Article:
Views: 117 Author: SEPPE Publish Time: 2020-12-16 Origin: SEPPE Technologies
One way to determine which sandpaper will work best for a particular job is to know the abrasive materials and their properties.
Garnet is good for hand-sanding. It works well on raw wood, removing light scratches and preparing the surface for finishing. The abrasive particles break during use, providing new edges for removing material but garnet sandpaper wears quickly.
Emery works for both hand-sanding and power-sanding metal. Use coarse grits to remove rust or paint, and finer grits to polish. Emery cloth sandpaper has a cloth backing.
Aluminum oxide is a common sandpaper type that works on wood, plastic, metal and drywall. The particles break during sanding, constantly exposing new, sharp edges. Aluminum oxide sandpaper is long-lasting, making it a popular choice for power-sanding, and you can also use it for hand-sanding.
Silicon carbide sandpaper removes material more quickly than aluminum oxide but doesn't last as long. Use it on wood, plastic and metal for tasks such as rough-sanding, removing paint or rust, and sanding between coats when finishing. Use it on drywall to smooth joints. Silicon carbide products often have a waterproof backing that you can use for wet-sanding, which is a good technique for minimizing scratches when applying liquid to lubricate the work surface. Wet-sanding also helps to prevent the sandpaper from clogging with dust, remove loose abrasive particles and reduce airborne dust.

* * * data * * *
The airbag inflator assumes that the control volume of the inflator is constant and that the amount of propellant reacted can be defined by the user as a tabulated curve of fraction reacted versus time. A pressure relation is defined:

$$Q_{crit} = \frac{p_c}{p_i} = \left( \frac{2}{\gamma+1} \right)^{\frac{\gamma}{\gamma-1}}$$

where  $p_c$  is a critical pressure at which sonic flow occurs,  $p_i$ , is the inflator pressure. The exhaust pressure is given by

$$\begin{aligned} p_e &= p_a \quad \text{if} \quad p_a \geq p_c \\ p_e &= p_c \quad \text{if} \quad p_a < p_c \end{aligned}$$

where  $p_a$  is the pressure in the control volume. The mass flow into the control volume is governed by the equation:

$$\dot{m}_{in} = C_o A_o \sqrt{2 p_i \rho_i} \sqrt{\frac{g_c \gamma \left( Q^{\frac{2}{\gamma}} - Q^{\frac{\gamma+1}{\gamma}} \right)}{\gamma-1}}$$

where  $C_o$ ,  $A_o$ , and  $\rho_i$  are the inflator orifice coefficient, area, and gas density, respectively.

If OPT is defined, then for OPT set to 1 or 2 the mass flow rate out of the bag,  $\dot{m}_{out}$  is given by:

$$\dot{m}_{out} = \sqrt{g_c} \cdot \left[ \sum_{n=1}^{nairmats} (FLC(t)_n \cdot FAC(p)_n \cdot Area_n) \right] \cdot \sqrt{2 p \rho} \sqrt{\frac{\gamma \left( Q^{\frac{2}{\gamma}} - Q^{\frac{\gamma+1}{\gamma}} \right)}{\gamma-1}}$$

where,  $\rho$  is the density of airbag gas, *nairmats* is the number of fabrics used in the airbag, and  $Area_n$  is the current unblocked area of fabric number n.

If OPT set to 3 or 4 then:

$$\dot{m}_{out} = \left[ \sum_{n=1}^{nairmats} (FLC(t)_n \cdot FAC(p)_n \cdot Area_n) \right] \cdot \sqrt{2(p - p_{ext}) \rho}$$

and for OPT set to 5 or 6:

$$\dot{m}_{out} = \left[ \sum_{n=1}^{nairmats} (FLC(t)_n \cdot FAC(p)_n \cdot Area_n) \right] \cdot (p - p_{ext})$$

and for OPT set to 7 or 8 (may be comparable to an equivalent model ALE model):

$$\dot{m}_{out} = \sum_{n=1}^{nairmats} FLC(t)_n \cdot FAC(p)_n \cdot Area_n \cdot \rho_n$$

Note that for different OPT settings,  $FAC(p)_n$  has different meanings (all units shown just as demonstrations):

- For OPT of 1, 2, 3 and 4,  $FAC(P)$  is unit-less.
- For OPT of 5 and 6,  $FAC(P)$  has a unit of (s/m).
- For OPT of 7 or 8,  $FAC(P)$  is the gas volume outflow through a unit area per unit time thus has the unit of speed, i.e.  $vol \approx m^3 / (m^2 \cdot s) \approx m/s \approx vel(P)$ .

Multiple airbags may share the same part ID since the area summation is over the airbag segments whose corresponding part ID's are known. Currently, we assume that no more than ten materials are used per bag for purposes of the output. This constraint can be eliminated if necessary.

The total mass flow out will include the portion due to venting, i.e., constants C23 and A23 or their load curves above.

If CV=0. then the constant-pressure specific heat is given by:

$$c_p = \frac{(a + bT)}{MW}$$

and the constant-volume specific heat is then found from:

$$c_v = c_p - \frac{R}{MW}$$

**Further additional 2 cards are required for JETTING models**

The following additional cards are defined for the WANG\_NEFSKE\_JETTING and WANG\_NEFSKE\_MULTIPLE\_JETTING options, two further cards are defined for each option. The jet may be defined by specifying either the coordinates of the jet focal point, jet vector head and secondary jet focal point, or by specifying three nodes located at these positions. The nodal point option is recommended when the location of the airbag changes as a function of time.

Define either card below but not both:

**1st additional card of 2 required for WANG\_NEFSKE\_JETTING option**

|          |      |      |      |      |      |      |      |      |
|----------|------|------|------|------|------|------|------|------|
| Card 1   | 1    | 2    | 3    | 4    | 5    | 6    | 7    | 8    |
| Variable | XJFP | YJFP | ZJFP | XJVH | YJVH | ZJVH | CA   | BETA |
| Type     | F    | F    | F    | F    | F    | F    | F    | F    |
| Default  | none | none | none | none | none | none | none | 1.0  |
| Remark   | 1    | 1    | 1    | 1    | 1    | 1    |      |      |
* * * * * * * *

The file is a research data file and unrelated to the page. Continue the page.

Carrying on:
Zirconia alumina is suitable for wood, fiberglass, metal and painted surfaces. You'll find it in the form of belts, pads and discs for power-sanding. Like garnet and aluminum oxide abrasives, the particles break during use, maintaining sharp edges that remove material quickly. Zirconia alumina lasts longer than aluminum oxide.
Ceramic alumina is available in belts and discs for power-sanding and is good for aggressive material removal on wood. Ceramic abrasives are durable, lasting longer than aluminum oxide.
You may see sandpaper labeled closed coat or open coat. Closed-coat products feature abrasives covering all of the backing. This construction removes more material — making it effective for hand-sanding — but can clog more quickly than open-coat products. Open-coat products have empty space on the backing, giving waste material room to accumulate without reducing performance. Since they don't clog as quickly, they're effective for an electric sander.